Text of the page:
Jonathan Golding, Ph.D. and Anne Lippert, PhD

Careers in Psych

Psychology Graduates Make Excellent Consultants

A litigation consultant reveals how a psych degree translates to consulting jobs

Posted Jan 17, 2017

An undergraduate degree in psychology provides an individual with the tools necessary to work in a countless number of fields. If you intend to be a therapist you will need a graduate degree and a lot of supervised training. But there are other ways to use you knowledge and skill set outside the realm of counseling.

Eric Chan/Wikimedia Commons
Source: Eric Chan/Wikimedia Commons

I am a litigation consultant. Also known as a jury consultant or trial consultant, it is one of those “outside the box” professions available to those with a background in psychology. Litigation consulting has been in public view recently (and somewhat unfortunately) due to the primetime drama “Bull.” Among other things we conduct research (e.g., focus groups), prepare witnesses to testify, develop trial strategy, and assist with jury selection. A background in psychology has helped me with each and every aspect of my job.

There are no specific requirements or qualifications to be a litigation consultant. In fact, many of the founding members and Past-Presidents of the American Society of Trial Consultants (ASTC) do not have any advanced degrees. Still, they are among the best, most respected consultants in the field. Having an advanced degree makes it much easier to get started but, if you are good at what you do, people will hire you. For litigation consulting, and many other consulting fields, knowledge, experience and connections are much more important than advanced degrees.

So how do you get knowledge, experience and connections?

To be clear, I am not suggesting that you should start a consulting firm because it’s the easy route. In fact, it is much harder (and in some fields impossible) to start consulting immediately after graduation. Ideally you would work in a related field for some period of time while learning the ropes and deciding what area of expertise you have to offer.

All of that said, there are some things you can be doing now, as a student, to prepare yourself for a career in consulting. Here are some examples from my field.

1. Look for creative ways to immerse yourself in the field

I went to court and watched. As simple as it sounds, it’s the best way to get a feel for the job and learn how the process works. It was also a guaranteed way of getting into the room with potential clients (i.e., attorneys). While at the courthouse I also got to know the jury coordinator, who is the person in charge of sending out each jury summons and then directing potential jurors to various courtrooms. By connecting with the jury coordinator I was always just a phone call away from finding out if there are any interesting trials on the docket. Try to think of clever ways to get free experience (even if you are not actively participating) and access to future clientele.

2. Join the relevant professional organizations

Academic organizations are more salient when you are a student. However, there might be more beneficial groups for your long-term goals. For an aspiring litigation consultant, that is the ASTC. Professional organizations typically provide networking functions at the annual conference, internship opportunities with the larger consulting firms, and access to listservs, etc., which are a wealth of information that you won’t find anywhere else. Most professional organizations have discounted rates for students. Join a group and volunteer for a committee. It is time and money well spent.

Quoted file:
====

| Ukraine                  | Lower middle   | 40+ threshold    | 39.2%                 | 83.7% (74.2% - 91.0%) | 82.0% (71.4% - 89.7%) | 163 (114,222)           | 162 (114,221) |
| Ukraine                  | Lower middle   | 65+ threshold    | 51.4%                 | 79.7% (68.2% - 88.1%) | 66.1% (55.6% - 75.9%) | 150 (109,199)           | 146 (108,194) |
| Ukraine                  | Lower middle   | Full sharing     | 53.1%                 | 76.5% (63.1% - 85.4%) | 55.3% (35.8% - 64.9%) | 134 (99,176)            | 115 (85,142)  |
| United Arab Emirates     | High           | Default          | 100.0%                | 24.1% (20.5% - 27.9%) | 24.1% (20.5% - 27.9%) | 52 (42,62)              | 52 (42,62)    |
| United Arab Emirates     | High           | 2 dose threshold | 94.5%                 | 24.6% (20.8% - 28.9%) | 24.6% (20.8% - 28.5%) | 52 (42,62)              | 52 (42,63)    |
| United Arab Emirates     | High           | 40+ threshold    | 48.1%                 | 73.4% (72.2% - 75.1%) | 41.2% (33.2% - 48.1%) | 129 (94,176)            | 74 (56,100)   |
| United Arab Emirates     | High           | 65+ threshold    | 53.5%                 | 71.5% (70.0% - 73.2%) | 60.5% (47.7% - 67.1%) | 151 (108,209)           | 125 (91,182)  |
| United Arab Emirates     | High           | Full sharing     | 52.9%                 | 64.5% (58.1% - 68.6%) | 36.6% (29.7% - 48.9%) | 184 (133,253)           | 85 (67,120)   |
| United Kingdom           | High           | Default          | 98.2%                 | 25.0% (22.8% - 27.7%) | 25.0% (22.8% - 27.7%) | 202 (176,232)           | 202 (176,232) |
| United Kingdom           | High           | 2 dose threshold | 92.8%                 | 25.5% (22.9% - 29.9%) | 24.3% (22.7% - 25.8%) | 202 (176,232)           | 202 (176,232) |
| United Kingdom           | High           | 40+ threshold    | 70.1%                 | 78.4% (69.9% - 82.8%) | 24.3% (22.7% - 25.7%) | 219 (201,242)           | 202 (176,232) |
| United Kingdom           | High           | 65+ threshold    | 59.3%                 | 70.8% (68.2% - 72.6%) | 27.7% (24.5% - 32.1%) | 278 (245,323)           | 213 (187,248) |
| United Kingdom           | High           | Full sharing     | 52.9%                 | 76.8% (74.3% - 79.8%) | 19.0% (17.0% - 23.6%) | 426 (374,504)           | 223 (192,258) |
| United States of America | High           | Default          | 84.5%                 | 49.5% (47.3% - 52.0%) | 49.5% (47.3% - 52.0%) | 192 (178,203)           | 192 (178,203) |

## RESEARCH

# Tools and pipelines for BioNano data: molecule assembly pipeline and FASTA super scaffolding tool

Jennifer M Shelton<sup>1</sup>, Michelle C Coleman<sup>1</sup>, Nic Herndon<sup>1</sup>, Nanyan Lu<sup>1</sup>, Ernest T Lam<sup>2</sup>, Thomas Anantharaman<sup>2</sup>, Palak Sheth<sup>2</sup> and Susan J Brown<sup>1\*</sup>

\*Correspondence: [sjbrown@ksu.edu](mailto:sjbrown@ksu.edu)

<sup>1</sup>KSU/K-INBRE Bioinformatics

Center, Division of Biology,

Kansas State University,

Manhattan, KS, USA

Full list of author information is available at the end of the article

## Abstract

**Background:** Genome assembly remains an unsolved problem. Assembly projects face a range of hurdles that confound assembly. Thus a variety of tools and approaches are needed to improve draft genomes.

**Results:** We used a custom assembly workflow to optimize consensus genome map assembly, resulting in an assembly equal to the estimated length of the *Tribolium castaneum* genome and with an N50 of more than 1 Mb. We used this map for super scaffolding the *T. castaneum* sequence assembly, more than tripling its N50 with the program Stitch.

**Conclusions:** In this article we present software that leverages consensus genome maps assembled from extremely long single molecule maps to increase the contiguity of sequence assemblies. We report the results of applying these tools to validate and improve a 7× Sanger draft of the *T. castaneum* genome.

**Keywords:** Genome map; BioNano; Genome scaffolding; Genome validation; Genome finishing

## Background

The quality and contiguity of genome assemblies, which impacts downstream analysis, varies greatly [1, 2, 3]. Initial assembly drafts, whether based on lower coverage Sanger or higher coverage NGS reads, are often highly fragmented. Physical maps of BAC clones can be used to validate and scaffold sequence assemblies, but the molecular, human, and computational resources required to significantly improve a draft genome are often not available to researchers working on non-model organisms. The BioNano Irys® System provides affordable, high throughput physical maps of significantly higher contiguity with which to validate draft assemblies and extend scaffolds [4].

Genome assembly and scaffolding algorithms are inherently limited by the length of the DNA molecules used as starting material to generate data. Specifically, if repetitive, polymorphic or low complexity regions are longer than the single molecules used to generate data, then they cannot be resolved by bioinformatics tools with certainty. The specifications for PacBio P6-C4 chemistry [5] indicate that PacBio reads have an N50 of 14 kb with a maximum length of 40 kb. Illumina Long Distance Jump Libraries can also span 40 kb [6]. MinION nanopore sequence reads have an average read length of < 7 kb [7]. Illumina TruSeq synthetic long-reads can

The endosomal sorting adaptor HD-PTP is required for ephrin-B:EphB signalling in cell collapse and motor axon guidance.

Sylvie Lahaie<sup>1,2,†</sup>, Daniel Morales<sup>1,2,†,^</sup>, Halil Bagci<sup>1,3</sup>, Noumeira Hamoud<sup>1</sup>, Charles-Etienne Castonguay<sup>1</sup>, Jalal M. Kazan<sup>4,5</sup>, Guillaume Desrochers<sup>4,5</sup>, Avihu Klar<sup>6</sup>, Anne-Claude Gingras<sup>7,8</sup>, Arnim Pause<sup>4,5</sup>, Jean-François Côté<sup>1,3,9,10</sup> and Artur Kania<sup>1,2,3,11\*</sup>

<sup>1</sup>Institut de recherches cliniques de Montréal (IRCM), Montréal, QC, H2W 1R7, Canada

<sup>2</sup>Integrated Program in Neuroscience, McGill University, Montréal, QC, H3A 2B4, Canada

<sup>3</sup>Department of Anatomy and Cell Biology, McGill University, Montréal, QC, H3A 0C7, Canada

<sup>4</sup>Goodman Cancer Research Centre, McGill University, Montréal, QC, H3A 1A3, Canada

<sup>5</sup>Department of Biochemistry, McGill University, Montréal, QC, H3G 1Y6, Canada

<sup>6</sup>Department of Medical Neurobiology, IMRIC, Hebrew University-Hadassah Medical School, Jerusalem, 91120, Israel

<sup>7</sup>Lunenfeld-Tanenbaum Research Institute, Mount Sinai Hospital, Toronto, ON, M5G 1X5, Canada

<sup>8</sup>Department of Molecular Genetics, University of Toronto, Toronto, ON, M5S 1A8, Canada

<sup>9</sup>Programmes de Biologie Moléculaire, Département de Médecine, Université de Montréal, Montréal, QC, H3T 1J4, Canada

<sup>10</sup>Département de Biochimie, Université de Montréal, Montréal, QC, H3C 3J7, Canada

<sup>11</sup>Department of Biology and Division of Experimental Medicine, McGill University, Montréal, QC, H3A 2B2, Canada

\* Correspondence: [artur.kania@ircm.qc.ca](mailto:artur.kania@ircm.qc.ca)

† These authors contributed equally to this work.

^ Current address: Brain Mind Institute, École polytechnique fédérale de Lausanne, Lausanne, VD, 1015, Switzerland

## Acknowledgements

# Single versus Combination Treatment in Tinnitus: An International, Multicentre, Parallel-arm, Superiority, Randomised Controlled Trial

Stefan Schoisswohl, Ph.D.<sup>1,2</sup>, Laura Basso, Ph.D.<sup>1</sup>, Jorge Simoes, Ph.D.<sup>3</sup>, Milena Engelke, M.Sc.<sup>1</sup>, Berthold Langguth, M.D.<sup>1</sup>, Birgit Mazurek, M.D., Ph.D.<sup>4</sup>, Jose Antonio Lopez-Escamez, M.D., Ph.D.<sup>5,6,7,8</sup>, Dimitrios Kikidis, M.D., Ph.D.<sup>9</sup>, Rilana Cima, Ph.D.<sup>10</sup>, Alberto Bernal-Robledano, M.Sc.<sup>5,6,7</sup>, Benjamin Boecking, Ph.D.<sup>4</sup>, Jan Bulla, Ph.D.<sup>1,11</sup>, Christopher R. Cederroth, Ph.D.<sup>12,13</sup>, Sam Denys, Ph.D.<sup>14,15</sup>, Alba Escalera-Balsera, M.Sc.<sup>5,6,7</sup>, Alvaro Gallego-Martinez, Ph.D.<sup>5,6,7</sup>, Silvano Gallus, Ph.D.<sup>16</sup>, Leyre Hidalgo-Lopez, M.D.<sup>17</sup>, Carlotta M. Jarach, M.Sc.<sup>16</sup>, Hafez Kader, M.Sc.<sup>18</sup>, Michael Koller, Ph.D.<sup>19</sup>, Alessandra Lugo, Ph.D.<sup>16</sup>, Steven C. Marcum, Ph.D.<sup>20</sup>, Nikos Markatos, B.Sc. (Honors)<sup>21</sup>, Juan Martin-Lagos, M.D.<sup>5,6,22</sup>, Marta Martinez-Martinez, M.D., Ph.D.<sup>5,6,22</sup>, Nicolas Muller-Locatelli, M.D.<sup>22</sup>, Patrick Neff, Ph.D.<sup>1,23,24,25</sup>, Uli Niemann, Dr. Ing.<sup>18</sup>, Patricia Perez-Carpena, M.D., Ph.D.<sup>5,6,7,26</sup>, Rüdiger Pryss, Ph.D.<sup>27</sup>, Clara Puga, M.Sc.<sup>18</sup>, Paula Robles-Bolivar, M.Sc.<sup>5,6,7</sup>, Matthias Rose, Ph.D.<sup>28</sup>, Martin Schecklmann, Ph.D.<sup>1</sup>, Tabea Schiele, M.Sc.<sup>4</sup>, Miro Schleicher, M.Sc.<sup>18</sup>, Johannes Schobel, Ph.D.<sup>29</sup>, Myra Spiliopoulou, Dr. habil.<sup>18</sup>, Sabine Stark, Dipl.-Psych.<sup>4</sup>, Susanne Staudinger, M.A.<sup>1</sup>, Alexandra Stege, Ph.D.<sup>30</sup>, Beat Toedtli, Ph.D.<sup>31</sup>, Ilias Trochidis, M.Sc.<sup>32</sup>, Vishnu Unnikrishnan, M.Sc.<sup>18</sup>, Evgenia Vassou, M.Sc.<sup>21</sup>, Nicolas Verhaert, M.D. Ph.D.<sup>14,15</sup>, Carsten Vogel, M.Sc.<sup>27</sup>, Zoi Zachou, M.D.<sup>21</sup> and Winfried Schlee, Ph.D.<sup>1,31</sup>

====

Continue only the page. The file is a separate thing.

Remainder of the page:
Christian Heilmann/Flickr
Source: Christian Heilmann/Flickr

3. Get public speaking experience

Resist the urge to ignore this point. If you are going to be your own boss, you need to be comfortable with public speaking. There is no way around it. For me, the early years in consulting included a lot of presentations at law firms. I contacted the head of the litigation department and offered to give a free presentation, providing a psychologist’s perspective on a topic relevant to their interests (witness preparation, jury selection, etc.). I wasn’t there to sell. I was there to give away free information. That got me in the room, which started the relationship, which eventually got me work. None of that is possible unless you are comfortable with public speaking.

4. Determine what courses outside the psychology department will help you prepare for your future job

If you want to be your own boss, you are going to need to understand how to run a business. Instead of choosing an elective because you think the class will be easy, why not try an introductory course in business? If you are a graduate student who is interested in litigation consulting, consider taking Torts or Civil Procedure at a law school. Your background in psychology is giving you the skill set but your knowledge of the field may need to come from other sources.

I hope this information helps you think about moving forward with a career as a consultant. Good luck!

Please note that the comments of Dr. Golding and the others who post on this blog express their own opinion and not that of the University of Kentucky.

About the Author:

Brad Bradshaw has a Ph.D. in Psychology from the University of Kentucky. He is the principal at Bradshaw Litigation Consulting, LLC, which is a national consulting firm based in Austin,Texas.

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